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Neandertal DNA may raise risk for some modern human diseases

Once helpful genetic hand-me-downs now have harmful implications

By
2:00pm, February 11, 2016

KISSING ANCIENT COUSINS  Interbreeding between Neandertals and early modern humans has left a genetic mark on non-Africans that may affect their health.

Finding Neandertal ancestors in the human family tree was shocking enough when researchers announced it in 2010. Now the implications for modern-day people carrying surviving Neandertal DNA may prove just as stunning.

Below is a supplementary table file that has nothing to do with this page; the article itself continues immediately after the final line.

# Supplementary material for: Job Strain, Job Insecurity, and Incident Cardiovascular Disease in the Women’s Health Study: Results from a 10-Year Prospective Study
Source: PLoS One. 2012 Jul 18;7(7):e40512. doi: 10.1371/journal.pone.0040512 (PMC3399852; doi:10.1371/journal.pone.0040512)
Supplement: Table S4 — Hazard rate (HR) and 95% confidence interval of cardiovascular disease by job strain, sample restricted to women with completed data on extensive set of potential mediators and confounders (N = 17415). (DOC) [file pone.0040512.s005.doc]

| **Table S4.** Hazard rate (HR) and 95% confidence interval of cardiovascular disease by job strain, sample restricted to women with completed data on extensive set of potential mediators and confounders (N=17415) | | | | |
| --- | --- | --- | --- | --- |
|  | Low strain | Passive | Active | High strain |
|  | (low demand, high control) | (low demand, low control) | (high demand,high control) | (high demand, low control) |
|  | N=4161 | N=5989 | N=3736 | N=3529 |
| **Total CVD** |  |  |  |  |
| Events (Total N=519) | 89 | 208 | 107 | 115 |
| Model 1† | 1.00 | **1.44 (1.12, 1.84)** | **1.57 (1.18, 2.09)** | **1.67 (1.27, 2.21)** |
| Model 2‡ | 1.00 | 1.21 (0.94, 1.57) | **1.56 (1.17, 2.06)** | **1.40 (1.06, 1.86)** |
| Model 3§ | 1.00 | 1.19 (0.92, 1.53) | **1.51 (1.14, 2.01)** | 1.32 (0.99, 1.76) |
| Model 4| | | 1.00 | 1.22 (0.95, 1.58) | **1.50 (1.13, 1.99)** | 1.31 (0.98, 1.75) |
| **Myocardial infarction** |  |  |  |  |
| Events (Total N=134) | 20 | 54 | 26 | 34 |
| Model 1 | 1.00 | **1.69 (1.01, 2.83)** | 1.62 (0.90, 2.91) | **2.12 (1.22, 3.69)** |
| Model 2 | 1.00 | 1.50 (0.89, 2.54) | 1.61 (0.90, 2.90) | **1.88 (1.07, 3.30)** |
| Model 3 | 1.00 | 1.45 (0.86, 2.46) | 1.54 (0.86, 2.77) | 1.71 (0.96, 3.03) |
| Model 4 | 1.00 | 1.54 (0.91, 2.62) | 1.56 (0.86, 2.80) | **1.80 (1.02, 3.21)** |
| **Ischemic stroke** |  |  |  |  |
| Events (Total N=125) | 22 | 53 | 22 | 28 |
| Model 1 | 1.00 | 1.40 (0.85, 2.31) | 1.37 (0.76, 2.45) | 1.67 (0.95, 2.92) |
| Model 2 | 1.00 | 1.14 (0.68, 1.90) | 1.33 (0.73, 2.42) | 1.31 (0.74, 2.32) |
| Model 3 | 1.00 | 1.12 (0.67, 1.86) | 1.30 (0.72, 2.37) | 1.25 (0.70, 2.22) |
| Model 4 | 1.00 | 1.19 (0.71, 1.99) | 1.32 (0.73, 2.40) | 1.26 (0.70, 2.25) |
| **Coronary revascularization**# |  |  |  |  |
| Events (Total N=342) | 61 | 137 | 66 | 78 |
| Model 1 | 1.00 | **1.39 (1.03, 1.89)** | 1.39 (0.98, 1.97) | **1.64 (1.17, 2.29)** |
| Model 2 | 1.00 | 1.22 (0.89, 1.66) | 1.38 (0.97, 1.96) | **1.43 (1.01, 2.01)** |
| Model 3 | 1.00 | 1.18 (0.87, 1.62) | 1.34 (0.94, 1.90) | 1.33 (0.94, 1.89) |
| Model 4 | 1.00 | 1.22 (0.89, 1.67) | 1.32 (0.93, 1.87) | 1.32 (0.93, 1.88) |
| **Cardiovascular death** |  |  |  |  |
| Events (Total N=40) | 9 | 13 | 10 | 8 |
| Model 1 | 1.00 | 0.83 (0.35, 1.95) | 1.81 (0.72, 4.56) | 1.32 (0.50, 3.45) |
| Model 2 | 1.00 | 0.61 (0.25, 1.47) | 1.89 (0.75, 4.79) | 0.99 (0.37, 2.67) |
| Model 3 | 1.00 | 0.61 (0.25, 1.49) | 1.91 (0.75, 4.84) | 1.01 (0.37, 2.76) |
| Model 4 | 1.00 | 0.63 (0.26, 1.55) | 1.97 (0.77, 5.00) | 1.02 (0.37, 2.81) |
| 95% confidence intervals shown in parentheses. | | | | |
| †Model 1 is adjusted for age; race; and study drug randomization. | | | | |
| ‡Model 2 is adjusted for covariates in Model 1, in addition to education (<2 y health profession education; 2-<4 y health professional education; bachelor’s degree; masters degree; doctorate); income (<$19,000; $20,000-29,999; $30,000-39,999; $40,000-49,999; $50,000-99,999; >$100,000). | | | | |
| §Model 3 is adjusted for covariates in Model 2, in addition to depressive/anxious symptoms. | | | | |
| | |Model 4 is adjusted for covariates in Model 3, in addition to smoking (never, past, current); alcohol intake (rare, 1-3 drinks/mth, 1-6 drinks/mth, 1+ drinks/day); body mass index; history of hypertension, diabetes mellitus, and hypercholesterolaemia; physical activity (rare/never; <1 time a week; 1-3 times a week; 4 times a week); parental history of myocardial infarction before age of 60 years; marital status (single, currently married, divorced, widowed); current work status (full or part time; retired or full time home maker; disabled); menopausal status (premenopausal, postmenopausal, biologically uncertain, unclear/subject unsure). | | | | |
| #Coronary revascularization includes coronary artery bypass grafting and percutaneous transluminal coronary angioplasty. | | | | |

Today, Europeans and Asians carry, on average, between 1.5 percent and 4 percent Neandertal DNA. A flurry of new studies suggests that the genetic hand-me-downs may once have helped human newcomers adjust to their new homes. But these genetic bits and pieces may no longer be helpful, and may even raise the risk of depression, heart disease, some skin conditions, allergies and other maladies. 

“There was, and still is, a lingering cost of having this admixture,” says John Capra, an evolutionary geneticist at Vanderbilt University in Nashville.

Capra and colleagues examined DNA and electronic health records from more than 28,000 people of European descent to determine whether genes from extinct ancestors were associated with diseases.

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